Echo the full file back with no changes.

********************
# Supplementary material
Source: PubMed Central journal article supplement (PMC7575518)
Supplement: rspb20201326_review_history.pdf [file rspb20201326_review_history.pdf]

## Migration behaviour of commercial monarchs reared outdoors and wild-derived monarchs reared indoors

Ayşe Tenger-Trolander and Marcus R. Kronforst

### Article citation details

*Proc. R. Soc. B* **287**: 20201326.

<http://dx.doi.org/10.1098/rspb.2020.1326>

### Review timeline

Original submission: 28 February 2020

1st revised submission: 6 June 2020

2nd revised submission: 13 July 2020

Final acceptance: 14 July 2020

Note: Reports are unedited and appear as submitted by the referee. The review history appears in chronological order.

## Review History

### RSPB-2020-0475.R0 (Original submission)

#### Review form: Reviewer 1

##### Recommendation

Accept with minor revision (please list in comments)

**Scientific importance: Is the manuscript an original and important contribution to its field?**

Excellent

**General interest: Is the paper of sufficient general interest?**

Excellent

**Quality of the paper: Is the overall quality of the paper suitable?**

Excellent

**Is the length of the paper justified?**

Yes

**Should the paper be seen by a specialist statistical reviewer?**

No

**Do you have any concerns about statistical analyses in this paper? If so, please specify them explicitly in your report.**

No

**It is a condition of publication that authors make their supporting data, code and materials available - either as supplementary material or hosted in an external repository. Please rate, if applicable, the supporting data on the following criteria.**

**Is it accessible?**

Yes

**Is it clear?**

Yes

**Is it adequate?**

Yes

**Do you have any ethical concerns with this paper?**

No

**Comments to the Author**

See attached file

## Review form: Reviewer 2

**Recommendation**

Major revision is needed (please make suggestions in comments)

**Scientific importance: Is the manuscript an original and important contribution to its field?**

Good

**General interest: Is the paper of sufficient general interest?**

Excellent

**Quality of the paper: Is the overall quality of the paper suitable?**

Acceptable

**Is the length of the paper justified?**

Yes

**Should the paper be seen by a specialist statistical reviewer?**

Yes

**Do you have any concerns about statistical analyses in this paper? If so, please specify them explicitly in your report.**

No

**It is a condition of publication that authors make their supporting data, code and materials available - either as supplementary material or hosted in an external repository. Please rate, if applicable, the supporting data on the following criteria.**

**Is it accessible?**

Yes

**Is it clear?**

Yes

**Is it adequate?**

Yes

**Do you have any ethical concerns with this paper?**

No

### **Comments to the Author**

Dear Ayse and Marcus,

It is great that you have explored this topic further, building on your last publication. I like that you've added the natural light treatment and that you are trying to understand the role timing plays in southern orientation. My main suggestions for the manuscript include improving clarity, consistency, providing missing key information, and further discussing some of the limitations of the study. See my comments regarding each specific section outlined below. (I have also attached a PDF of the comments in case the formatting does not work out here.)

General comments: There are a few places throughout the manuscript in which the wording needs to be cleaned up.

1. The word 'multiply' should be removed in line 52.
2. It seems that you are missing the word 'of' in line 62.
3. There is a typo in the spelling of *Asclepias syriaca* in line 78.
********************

# Supplementary material
Source: PubMed Central journal article supplement (PMC7575518)
Supplement: rspb20201326_review_history.pdf [file rspb20201326_review_history.pdf]

## Migration behaviour of commercial monarchs reared outdoors and wild-derived monarchs reared indoors

Ayşe Tenger-Trolander and Marcus R. Kronforst

### Article citation details

*Proc. R. Soc. B* **287**: 20201326.

<http://dx.doi.org/10.1098/rspb.2020.1326>

### Review timeline

Original submission: 28 February 2020

1st revised submission: 6 June 2020

2nd revised submission: 13 July 2020

Final acceptance: 14 July 2020

Note: Reports are unedited and appear as submitted by the referee. The review history appears in chronological order.

## Review History

### RSPB-2020-0475.R0 (Original submission)

#### Review form: Reviewer 1

##### Recommendation

Accept with minor revision (please list in comments)

**Scientific importance: Is the manuscript an original and important contribution to its field?**

Excellent

**General interest: Is the paper of sufficient general interest?**

Excellent

**Quality of the paper: Is the overall quality of the paper suitable?**

Excellent

**Is the length of the paper justified?**

Yes

**Should the paper be seen by a specialist statistical reviewer?**

No

**Do you have any concerns about statistical analyses in this paper? If so, please specify them explicitly in your report.**

No

**It is a condition of publication that authors make their supporting data, code and materials available - either as supplementary material or hosted in an external repository. Please rate, if applicable, the supporting data on the following criteria.**

**Is it accessible?**

Yes

**Is it clear?**

Yes

**Is it adequate?**

Yes

**Do you have any ethical concerns with this paper?**

No

**Comments to the Author**

See attached file

## Review form: Reviewer 2

**Recommendation**

Major revision is needed (please make suggestions in comments)

**Scientific importance: Is the manuscript an original and important contribution to its field?**

Good

**General interest: Is the paper of sufficient general interest?**

Excellent

**Quality of the paper: Is the overall quality of the paper suitable?**

Acceptable

**Is the length of the paper justified?**

Yes

**Should the paper be seen by a specialist statistical reviewer?**

Yes

**Do you have any concerns about statistical analyses in this paper? If so, please specify them explicitly in your report.**

No

**It is a condition of publication that authors make their supporting data, code and materials available - either as supplementary material or hosted in an external repository. Please rate, if applicable, the supporting data on the following criteria.**

**Is it accessible?**

Yes

**Is it clear?**

Yes

**Is it adequate?**

Yes

**Do you have any ethical concerns with this paper?**

No

### **Comments to the Author**

Dear Ayse and Marcus,

It is great that you have explored this topic further, building on your last publication. I like that you've added the natural light treatment and that you are trying to understand the role timing plays in southern orientation. My main suggestions for the manuscript include improving clarity, consistency, providing missing key information, and further discussing some of the limitations of the study. See my comments regarding each specific section outlined below. (I have also attached a PDF of the comments in case the formatting does not work out here.)

General comments: There are a few places throughout the manuscript in which the wording needs to be cleaned up.

1. The word 'multiply' should be removed in line 52.
2. It seems that you are missing the word 'of' in line 62.
3. There is a typo in the spelling of *Asclepias syriaca* in line 78.